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Table of Contents

So, you’ve purchased an IMU for a couple bucks and you’re not sure how to do anything useful with it? Your IMU state estimates seem to fly off beyond the horizon leaving you wondering what good is an IMU? You can’t seem to figure out how to read an IMU datasheet — I mean what is a \(\sqrt{Hz}\) anyway? It seems like you either have to hire an expert state-estimation engineer or pay thousands of dollars for a tactical-grade IMU?

Well, you’ve come to the right place. We are here to cure all your IMU woes and provide some insight into these confusing sensors. In this five part blog series, we’ll cover:

- IMU sensing fundamentals
- Deterministic IMU error modeling
- Stochastic IMU error modeling
- The Allan Deviation and IMU error modeling
- IMU preintegration basics

If you’d like to be notified of when that next post drops, just follow us on LinkedIn, X, or subscribe to our newsletter. Don't have an IMU yet? Consider pre-ordering our upcoming HiFi depth sensor, for high-resolution 3D sensing...with a built-in IMU!

In a previous posts, we discussed the basic sensing fundamentals of a 6 DOF IMU and some common deterministic sources of error in our simple IMU model. In this post, we will explain the stochastic sources of error on our simple model and how to characterize IMU noise.

💡 An alternate title for this blog post could be “How to Read an IMU Datasheet Part 2” as you’ll see many of the terms in this post in IMU datasheets. You may want to reference an IMU data sheet as you read this post to develop some intuition of the errors of a typical MEMS IMU.

In the next post, we’ll give you some secret tips for IMU evaluation that go beyond what many IMU datasheets provide.

Again, let’s dive into some modeling assumptions of the continuous-time accelerometer model - repeated here for convenience

\(f^a(t) =a_{a/i}^a(t) + b_a^a(t) - R^a_i(t) g^i + \eta^a_a(t)\)

Upon inspection of this model, we can see see a few more assumptions that we missed last time, namely

- The bias of the accelerometer is known
- The noise on the accelerometer output is known

First, we’ll take a step back and analyze noise more generally.

It is well known that every electronic circuit has some amount of unwanted disturbances in its operating voltage and current. This phenomenon is commonly referred to as electronic noise. Noise can be characterized by analyzing its power spectral density. Essentially, the power spectral density describes the distribution of power in a signal per frequency.

💡 It may seem confusing as to why we would care about the power spectral density here. There are many connections between the power spectrum of a signal and its autocovariance. By this point, it should be obvious that properly characterizing the covariance in our system is incredibly important to us at Tangram Vision.

For more information on covariance and how it relates to the power spectrum of a signal, we’ll refer the reader to a book on stochastic processes.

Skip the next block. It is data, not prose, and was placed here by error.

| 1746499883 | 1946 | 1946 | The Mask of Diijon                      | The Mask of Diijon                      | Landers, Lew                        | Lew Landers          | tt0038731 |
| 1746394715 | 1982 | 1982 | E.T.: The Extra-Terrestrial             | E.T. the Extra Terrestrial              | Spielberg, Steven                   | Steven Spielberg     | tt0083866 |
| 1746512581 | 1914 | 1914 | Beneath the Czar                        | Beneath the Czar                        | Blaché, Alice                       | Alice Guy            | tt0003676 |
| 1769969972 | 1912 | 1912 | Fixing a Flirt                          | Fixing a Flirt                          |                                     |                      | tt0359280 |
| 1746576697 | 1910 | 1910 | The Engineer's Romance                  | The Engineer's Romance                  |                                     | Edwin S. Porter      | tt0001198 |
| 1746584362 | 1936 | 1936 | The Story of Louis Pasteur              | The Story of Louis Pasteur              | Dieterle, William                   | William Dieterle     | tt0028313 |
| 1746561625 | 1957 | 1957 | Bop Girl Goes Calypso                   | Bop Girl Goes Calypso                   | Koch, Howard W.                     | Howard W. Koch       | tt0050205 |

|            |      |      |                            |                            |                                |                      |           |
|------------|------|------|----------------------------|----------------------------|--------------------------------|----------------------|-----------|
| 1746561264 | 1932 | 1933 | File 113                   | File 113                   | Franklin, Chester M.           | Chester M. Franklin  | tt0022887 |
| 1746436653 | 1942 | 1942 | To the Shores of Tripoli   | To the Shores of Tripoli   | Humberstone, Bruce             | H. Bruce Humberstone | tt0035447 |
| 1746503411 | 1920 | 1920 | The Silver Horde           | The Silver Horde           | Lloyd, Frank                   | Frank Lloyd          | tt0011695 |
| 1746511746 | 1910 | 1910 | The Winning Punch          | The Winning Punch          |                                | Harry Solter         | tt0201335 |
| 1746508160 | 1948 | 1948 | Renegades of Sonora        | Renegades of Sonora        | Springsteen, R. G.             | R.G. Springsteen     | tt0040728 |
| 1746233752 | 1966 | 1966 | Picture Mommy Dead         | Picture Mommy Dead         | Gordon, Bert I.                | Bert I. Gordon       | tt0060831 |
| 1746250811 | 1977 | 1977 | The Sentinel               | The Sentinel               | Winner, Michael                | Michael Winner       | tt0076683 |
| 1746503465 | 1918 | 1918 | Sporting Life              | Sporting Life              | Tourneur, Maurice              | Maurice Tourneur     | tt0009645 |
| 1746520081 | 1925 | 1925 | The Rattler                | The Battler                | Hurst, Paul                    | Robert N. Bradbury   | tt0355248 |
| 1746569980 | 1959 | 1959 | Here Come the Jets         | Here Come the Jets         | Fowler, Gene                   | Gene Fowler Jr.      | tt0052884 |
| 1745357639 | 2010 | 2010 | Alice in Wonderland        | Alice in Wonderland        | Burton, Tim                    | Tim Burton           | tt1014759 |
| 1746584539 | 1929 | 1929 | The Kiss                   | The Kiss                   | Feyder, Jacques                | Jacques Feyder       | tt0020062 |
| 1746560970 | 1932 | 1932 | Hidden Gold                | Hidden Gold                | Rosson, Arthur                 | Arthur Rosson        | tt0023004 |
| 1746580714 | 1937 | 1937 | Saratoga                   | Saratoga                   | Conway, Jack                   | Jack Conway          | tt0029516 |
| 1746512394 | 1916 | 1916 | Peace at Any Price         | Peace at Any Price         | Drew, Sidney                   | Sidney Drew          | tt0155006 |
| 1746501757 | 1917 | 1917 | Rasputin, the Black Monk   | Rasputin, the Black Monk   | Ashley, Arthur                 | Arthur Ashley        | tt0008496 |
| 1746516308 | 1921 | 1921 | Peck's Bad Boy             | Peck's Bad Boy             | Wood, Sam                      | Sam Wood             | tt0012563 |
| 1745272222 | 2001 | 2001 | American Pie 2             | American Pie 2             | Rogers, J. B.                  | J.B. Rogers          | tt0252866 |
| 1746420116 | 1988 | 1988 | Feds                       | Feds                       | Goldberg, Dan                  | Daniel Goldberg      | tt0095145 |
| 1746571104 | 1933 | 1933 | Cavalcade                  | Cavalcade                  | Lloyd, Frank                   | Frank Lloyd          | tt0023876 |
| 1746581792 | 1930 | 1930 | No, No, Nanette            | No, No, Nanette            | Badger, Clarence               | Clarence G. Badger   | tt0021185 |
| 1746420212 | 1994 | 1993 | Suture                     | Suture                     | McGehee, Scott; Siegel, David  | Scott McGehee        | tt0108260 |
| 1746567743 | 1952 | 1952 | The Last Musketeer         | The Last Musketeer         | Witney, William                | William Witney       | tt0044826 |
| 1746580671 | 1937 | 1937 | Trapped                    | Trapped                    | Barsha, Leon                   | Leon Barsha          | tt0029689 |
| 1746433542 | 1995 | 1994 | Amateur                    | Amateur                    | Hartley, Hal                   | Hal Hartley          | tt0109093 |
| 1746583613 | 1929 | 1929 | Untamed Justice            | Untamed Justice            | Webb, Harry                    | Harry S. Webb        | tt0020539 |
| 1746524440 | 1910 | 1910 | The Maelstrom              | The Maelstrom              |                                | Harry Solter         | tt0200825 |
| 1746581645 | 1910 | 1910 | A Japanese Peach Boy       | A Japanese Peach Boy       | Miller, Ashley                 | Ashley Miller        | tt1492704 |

The power spectral density of the noise \(S_{\eta}(f)\) greatly decreases with frequency, so the spectral density is typically modeled with the truncated series

\(S_{\eta}(f) = N^2 + \frac{B^2}{2 \pi f} + \frac{K^2}{(2 \pi f)^2}.\)

If we assume that these frequency components are driven by statistically independent sources of noise, we can model the noise signal as

\(\eta(t) = \eta_N(t) + \eta_B(t) + \eta_K(t).\)

With this derivation, we’ve reduced our task from characterizing the noise signal to

- Finding the coefficients \(N, B, K\)
- Finding a noise model for our individual noise terms that has a power spectral density \(S_{\eta}(f)\) that matches our terms.

But before we show how that is done in practice, let’s gain some intuition for these noise terms.

In audio engineering, we describe the terms identified above as different types of colored noise. The color naming of noise actually originates from our experience with the visual spectrum of electromagnetic radiation. White light is composed of equal power in all frequencies in the visual portion of the electromagnetic spectrum and analogously white noise has equal power in all frequencies.

💡 At this point in the post, you should absolutely take a break from the math and treat yourself to some nice, relaxing noise. I say this completely seriously. Listening to audio of different colors of noise really helps develop some intuition here.

If you’d like a more in-depth explanation on the colors of noise, we also recommend this video.

The noise signal we’ve modeled is composed of three terms:

- A white noise term: \(\eta_N(t)\)
- A pink noise term: \(\eta_B(t)\)
- A brown (red) noise term: \(\eta_K(t)\)

Now if you go looking for these terms in your IMU datasheet, you most certainty will not find them. IMU manufacturers have their own terms for these noise sources.

⚠️ The naming here may be a bit unintuitive. \(B\) represents pink noise, but \(K\) represents brown noise? Here we follow the IEEE Standard Specification for Gyroscopes in our terminology. You’ll have to ask them why they chose confusing variable names.

Let’s start with the white noise term \(\eta_N(t)\). This term, when integrated, induces a random walk. For gyroscopes, we call this an angular random walk (ARW) and for accelerometers we call this a velocity random walk (VRW). The nomenclature here is a bit imprecise since the random walk is the artifact of the integration of the noise, but there is a simple correspondence between the noise and the phenomenon it induces.